Church historian and hagiographer; b. c. 363; d. c. 420. Sulpicius, son of a distinguished Aquitanian family, made the most of the fine schooling then available in Gaul. He studied presumably in Bordeaux and met his lifelong friend paulinus of nola, along with whom he was baptized (c. 390). Promptly successful in the law, Sulpicius then married into a well-to-do family. The early death of his wife and the promptings of Paulinus and of Martin, already for two decades bishop of Tours, directed him to a life of ascetic retirement, which he led first at Eluso, near Toulouse, and then at a place called by Paulinus Primuliacum and not satisfactorily located. Sulpicius remained in close association with martin of tours until the latter's death and later with several of the saint's disciples. A dozen letters to Sulpicius found in the correspondence of Paulinus witness the busy exchange between the two friends, but no letter from Sulpicius to Paulinus survives. In Gennadius's brief biography (De vir. ill. 19) Sulpicius is called a presbyter, a statement otherwise unsupported but not to be rejected. Through confusion with another Sulpicius (Severus), 6th-century bishop of Bourges, Sulpicius of Primuliacum stood for a time in the Roman Martyrology (Jan. 29).
About half of Sulpicius's preserved writing is devoted to an enthusiastic and artistic rehearsal of the life of Martin of Tours. Three different literary forms are employed. The Life proper, written substantially before Martin died, is a narrative with dedication and preamble. As supplements there are, first, three Letters. Of these the second and third were occasioned by the saint's death, which is movingly narrated in the third. Latest of the three in date is the first letter, which, like many another passage in the Martiniana, is a defense of the bishop against detractors. The final supplements are the two Dialogues (more commonly divided as three), which present a two-day reunion at Primuliacum; the talk is mainly of miracles, many just reported from the East, with new ones of Martin's to match them.
Recent studies reveal Sulpicius's literary aims in these hagiographical compositions that in part may be said to stand close to the historical novel; they betray a Sulpicius who is to be distinguished from the critical author of the Chronica. Whatever their motivation, the Martiniana enjoyed an early and lasting popularity and had a substantial influence on later hagiography.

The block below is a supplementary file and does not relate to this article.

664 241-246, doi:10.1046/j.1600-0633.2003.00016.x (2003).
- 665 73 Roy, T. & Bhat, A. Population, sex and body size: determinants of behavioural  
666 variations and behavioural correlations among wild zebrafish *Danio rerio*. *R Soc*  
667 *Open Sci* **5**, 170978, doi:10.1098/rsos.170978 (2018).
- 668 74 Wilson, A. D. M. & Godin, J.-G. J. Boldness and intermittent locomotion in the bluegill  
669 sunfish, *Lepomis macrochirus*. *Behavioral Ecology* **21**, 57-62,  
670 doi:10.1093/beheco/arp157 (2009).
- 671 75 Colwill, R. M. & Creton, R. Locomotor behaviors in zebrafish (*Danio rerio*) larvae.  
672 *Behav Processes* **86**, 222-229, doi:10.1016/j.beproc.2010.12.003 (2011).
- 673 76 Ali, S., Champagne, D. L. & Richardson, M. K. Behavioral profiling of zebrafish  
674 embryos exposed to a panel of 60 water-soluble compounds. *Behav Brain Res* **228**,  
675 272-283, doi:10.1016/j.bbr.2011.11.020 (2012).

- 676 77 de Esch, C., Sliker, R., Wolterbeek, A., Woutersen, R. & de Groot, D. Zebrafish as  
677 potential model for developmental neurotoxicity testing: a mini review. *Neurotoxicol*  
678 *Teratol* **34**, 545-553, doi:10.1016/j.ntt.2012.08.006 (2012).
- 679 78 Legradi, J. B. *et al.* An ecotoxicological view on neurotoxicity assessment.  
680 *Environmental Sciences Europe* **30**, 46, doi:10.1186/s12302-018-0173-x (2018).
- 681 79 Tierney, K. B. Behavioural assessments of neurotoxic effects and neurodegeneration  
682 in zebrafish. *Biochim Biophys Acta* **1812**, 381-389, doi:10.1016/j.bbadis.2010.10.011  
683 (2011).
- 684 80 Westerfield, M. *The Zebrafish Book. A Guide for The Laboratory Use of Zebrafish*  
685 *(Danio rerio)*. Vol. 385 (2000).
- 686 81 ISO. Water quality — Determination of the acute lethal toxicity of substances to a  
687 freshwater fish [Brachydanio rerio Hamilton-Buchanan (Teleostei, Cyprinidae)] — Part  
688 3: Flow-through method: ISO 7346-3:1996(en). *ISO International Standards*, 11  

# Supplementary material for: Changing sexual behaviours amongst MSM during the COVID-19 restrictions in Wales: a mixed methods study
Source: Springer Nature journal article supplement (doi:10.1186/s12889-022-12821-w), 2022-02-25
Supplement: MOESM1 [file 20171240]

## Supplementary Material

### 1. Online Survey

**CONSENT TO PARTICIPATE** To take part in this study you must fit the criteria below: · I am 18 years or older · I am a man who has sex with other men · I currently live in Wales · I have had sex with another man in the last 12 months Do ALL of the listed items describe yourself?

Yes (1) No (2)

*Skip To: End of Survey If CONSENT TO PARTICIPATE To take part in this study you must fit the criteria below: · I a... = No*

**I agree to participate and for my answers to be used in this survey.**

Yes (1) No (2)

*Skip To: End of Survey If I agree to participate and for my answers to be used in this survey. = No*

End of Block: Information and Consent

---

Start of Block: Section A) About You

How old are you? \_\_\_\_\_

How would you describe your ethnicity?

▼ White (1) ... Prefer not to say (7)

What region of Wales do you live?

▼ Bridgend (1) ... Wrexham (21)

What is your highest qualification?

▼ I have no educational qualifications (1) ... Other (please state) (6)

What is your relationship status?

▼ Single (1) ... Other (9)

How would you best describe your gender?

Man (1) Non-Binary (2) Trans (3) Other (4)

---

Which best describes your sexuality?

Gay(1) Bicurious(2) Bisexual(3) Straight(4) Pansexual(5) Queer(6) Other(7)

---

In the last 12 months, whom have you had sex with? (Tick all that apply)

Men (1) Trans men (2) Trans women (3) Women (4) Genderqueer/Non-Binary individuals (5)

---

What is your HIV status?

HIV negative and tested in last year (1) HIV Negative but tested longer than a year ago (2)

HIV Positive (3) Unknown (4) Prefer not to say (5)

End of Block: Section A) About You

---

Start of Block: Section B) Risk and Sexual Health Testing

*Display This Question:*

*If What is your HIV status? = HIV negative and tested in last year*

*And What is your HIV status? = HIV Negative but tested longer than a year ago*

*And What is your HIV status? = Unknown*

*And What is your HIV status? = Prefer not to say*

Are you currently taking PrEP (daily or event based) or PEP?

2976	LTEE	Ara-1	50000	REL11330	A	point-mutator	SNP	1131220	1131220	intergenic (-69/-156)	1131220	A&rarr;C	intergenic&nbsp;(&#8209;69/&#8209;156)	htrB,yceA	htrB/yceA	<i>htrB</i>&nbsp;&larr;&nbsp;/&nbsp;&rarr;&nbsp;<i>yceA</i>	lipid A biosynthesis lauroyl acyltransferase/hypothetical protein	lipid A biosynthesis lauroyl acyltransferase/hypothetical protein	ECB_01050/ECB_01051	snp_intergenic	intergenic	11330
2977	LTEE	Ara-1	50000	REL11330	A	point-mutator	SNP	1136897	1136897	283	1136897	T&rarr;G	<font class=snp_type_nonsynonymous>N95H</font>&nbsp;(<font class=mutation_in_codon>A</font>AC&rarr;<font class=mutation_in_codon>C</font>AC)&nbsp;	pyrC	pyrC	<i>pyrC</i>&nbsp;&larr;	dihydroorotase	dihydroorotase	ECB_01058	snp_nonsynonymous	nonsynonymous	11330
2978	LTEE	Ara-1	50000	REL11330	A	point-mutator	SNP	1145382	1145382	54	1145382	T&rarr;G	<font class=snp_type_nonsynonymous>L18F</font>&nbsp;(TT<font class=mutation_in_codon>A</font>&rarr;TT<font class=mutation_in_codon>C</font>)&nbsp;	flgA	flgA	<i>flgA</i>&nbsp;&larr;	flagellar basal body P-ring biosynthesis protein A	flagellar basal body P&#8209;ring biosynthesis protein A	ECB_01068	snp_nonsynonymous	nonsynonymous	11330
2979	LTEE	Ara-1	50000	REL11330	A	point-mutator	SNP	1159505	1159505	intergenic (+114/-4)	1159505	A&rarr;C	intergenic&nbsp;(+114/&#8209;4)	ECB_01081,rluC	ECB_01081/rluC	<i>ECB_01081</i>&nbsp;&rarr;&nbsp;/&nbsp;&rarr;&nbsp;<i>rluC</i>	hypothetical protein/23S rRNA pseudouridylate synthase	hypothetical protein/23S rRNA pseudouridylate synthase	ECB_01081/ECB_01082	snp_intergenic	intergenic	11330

Little-known in the Middle Ages and preserved to modern times in a single manuscript are the two books of the Chronica, an abridgment of sacred history from creation to the author's own time. In Chronica 1 and2.1–26 Sulpicius presents OT history; Chronica 2.27 to the end gives the postapostolic history of the Church to the first consulship of Stilicho (a.d. 400). Certain parts of these concluding chapters have primary historical value, especially those dealing with the case of priscilli an and the courageous part taken in it by St. Martin. In the Chronica Sulpicius makes fullest use of classical models and achieves his most polished style.
Bibliography: Editions. k. halm, ed., Corpus scriptorum ecclesiasticorum latinorum 1 (Vienna 1866). b. m. peebles, ed. and tr., The Fathers of the Church: A New Translation 7 (1949) 77–254, Martiniana. Clavis Patrum latinorum, ed. e. dekkers (2d ed. Streenbrugge 1961) 474–477. Series latina (Turnhout, Belg. 1953– ). Literature and commentary. p. hyltÉn, Traditio 19 (1963) 447–460; Studien zu Sulpicius Severus (Lund 1940), on style and text. n. k. chadwick, Poetry and Letters in Early Christian Gaul (London 1955). j. fontaine, in S. Martin et son temps (Studia anselmiana 46; 1961), 189–236, Martiniana. É. griffe, Bulletin de littérature ecclésiastique 62 (1961) 114–118; in Mélanges offerts à Mademoiselle Christine Mohrmann (Utrecht 1963) 84–95; Analecta Bollandiana 81 (1963) 31–58. g. lampl, in Jahresbericht des Kollegium Petrinum (Linz 1951–58). m. j. mcgann, Archivum latinitatis medii aevi 32 (1962) 91–94. g. resta, ed., Vita S. Martini di Anonimo (Padua 1964), medieval Latin verse rendering of some of the Martinana. s. prete, I Chronica di Sulpicio Severo (Rome 1955). h. montefiore, Historia 11 (1962) 156–170. m. l. w. laistner, Classical Philology 35 (1940) 241–258. p. fabre, Essai sur la chronologie de l'oeuvre de saint Paulin de Nole (Paris 1948). Clavis Patrum latinorum, ed. e. dekkers (2d ed. Streenbrugge 1961) 746, 741, 479, 758, for seven (eight) spurious letters. a. kappelmacher, Paulys Realenzyklopädie der klassischen Altertumswissenschaft, ed. g. wissowa et al. 4A.1 (1931) 863–871. h. leclercq, Dictionnaire d'archéologie chrétienne et de liturgie, ed. f. cabrol, h. leclercq, and h. i. marrou, 15 v. (Paris 1907–53) 14.2:1781–98, on Primuliacum. g. bardy, Dictionnaire de théologie catholique, ed. a. vacant et al., 15 v. (Paris 1903–50; Tables Générales 1951–) 14.2:2760–62. j. a. fischer, Lexikon für Theologie und Kirche, ed. j. hofer and k. rahner, 10 v. (2d, new ed. Freiburg 1957–65) 9:1161–62. j. fontaine, Dictionnaire de spiritualité ascétique et mystique. Doctrine et histoire, ed. m. viller et al. (Paris 1932–) 5:789–797.
[b. m. peebles]